Think of the Suns/Lakers series as a poker game in an old Wild West saloon somewhere outside Phoenix.
By Game 6, the cards are on the table. Both teams have gone all-in and flipped their two cards over. All that’s left to do is flip over the turn and river cards. Meaning the strategy is out there for everyone to see — there are no major Xs and Os changes to make any more.
But the fight is not done, the Suns are looking loose and talking Game 7. The Lakers want their rest, like the Celtics.
In the Wild West the winner was the guy who was quicker on the draw. In this series, the quicker draw is the team that better executes better.
The key end of the floor this series is when the Lakers have the ball (the other end of the court is the more entertaining). Simply, the Lakers want to slow the Suns down by making them take the ball out of the basket, to make them come up and face a set defense. The Lakers do that when the get the ball inside — either by getting the ball in the post to Pau Gasol or via dribble penetration (which is what they used a lot more in Game 5).
The Suns want to block shots and contest inside, give the Lakers jump shots and hope they miss a lot. Which they often do. In the Lakers two losses in Phoenix they took 60 three-point shots, and the long rebounds fueled the Suns break.
On the fun end of the court, the Suns are going to run the pick-and-roll and the Lakers are going to try to take away the roll man. Which means Amare Stoudemire. The Lakers want Steve Nash to be the shooter. The problem with that, as Nash showed in Game 5, he hits a lot of shots.
Controlling the boards will matter. How hot Kobe is will matter. The Suns bench will matter. Which Lamar Odom — aggressive or spectator — shows up will matter. Ron Artest will find a way to matter.
But everybody knows that. Everyone knows their roles now. It’s just a matter of who is quicker on the draw.
In the weeks since Kevin Durant announced he was signing with the Golden State Warriors, we have yet to hear Russell Westbrook speak on his former teammate’s decision. This week, ESPN.com’s Royce Young indicated in a podcast interview that Durant was telling Westbrook and others in the days leading up to his decision that he was coming back to Oklahoma City. He later walked back his report, saying he misspoke. On Thursday, Durant himself told The Vertical‘s Shams Charania that he never said any such thing, or misled Westbrook or anyone else about his intentions.
“It’s false,” Durant told The Vertical on Thursday. “I didn’t say that – words about me telling Russell or Nick that I would stay or leave never came out of my mouth. We met as teammates, but no promises came out of it. In this day and age, I can’t control anything people claim out there. Someone can go out and say something random right now, and people will believe it.
“I never told Russell or Nick [Collison], ‘All right, guys, I’m coming back to the Thunder’ – and then a week later, I decide not to. Never happened. I don’t operate like that. I heard people say that story, but it’s not the truth.”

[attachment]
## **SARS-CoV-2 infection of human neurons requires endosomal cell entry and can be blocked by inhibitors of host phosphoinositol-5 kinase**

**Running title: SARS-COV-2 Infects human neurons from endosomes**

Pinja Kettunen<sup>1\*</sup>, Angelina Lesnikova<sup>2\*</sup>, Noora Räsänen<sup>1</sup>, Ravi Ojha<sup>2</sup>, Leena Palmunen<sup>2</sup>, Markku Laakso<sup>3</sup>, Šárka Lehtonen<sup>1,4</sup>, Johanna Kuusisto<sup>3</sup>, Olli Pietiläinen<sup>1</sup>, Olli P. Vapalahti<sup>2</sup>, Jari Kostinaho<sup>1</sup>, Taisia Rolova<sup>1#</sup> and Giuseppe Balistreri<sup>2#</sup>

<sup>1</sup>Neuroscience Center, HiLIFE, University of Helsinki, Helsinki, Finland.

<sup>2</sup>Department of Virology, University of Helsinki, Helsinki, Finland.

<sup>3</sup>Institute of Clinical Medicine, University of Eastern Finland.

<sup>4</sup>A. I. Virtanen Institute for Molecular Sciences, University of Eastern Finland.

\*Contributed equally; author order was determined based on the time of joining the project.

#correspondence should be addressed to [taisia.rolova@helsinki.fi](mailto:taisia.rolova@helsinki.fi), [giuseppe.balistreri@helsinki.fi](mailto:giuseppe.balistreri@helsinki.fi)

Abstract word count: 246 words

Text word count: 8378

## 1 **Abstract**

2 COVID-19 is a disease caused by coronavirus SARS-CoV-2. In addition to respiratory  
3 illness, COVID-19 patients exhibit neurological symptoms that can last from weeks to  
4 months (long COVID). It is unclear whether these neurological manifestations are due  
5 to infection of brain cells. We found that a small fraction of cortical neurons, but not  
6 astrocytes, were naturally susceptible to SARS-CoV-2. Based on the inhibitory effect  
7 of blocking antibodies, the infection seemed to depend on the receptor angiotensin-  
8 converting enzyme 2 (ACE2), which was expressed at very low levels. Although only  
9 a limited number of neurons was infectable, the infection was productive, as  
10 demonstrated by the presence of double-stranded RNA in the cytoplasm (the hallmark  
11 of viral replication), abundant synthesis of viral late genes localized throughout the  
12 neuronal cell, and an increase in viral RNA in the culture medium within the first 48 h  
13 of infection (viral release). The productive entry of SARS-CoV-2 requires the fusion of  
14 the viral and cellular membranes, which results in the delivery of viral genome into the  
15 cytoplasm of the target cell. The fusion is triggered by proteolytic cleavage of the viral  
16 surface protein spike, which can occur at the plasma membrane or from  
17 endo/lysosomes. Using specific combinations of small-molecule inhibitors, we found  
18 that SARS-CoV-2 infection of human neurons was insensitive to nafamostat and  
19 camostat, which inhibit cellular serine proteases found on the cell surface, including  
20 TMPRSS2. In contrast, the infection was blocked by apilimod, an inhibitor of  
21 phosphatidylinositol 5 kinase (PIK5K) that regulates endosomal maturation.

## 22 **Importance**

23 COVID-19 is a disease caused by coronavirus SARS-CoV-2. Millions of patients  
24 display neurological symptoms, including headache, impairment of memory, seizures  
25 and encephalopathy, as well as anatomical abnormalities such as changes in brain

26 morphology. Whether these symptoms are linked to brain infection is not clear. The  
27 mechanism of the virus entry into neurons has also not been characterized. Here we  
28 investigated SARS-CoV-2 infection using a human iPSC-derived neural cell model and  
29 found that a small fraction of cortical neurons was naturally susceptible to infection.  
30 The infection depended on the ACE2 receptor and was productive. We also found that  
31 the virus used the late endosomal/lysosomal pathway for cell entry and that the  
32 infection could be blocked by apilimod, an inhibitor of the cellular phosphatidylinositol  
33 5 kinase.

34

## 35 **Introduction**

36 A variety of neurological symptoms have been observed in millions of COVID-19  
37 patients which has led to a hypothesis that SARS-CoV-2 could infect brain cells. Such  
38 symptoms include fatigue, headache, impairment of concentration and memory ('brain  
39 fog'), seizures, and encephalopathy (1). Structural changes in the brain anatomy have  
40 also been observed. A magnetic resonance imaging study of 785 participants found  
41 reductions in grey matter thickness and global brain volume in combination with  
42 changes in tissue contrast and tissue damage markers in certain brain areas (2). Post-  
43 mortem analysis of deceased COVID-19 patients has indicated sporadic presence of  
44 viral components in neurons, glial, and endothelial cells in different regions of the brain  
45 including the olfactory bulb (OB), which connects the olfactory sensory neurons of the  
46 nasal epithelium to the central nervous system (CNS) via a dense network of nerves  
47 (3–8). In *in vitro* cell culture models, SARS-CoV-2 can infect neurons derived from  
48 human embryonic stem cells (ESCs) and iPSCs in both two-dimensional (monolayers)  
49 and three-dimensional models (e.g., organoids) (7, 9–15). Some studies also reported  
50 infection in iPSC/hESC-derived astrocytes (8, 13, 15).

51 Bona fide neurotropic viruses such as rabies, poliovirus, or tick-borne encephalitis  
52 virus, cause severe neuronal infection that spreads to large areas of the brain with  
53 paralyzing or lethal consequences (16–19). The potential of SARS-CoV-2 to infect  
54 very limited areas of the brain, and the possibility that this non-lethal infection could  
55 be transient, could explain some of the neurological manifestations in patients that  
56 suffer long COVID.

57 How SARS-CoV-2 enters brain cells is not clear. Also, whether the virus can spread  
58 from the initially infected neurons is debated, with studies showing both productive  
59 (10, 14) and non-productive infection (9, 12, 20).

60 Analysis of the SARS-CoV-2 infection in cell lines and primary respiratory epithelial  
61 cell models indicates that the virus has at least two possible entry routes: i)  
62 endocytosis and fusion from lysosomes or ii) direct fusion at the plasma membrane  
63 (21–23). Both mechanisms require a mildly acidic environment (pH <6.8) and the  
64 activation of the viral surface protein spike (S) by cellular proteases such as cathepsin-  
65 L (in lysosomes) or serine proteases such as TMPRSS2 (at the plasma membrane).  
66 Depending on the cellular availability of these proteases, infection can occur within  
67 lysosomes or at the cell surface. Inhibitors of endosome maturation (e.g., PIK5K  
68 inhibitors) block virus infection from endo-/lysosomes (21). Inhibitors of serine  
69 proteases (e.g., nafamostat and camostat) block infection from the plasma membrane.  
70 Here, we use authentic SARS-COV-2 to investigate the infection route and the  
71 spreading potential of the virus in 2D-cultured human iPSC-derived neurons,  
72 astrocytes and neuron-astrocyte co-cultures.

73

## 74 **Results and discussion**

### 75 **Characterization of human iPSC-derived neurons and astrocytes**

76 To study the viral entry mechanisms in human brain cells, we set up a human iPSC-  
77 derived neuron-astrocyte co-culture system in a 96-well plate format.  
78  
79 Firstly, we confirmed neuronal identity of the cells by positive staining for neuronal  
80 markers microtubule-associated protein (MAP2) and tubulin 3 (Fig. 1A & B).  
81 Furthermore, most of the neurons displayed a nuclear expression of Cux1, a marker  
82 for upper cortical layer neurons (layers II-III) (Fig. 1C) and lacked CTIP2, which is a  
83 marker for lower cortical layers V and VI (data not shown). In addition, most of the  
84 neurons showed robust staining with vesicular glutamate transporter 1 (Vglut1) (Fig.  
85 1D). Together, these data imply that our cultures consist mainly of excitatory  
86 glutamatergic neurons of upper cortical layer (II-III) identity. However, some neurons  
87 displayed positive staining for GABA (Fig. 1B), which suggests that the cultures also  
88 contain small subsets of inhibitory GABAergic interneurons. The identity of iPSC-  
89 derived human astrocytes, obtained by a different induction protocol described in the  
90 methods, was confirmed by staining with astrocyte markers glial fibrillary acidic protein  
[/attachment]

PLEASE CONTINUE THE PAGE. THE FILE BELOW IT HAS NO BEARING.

So that settles that.
CHICAGO (AP) The Chicago Bulls have signed guard Spencer Dinwiddie.
The Bulls acquired Dinwiddie in a trade with Detroit last month and waived him three weeks ago. He spent two years with the Pistons and appeared in 12 games last season, averaging 4.8 points and 13.3 minutes.
The Bulls announced the move Thursday.
The Wizards are getting a new practice facility.
For some reason, the Wizards have to pay just $4.46 million for it. Washington D.C. will cover the rest.
How much is the rest?
Jonathan O’Connell of The Washington Post:
The District”s sports and convention arm, Events DC, is proposing a series of upgrades to a planned Washington Wizards practice facility and entertainment center in Southeast that would likely reduce the total number of seats but add $10 million to the original $55 million price tag.
The new spending would be paid for by Events DC, which is funded by a percentage of hotel occupancy taxes. It does not require approval by the D.C. Council but will have to be voted on by the Events DC board Aug. 11.
Wizards owner Ted Leonsis pledged to move the team’s practices there as well as home games for the Washington Mystics and a future Wizards’ NBA D-League affiliate team. His company, Monumental Sports & Entertainment, agreed to pay $4.46 million — or 8 percent of the original $55 million cost.
But in a July 26 letter to D.C. Council Chairman Phil Mendelson, Gregory A. O’Dell, president and chief executive of Events DC, wrote that the original $55 million budget was “based on a preliminary estimate, as development and analysis of the program and concept design had not yet been performed.”
So, the District agreed to pay for a project without knowing how much it would cost and got the primary beneficiary — Leonsis — to kick in a share based on a low early estimate? It’s almost as if politicians are inept or have ulterior motives.
At least Wizards practices and WNBA games will bring plenty of new money into the community.
As Leonsis said, “There’s never been a better time to be an owner of an NBA franchise.”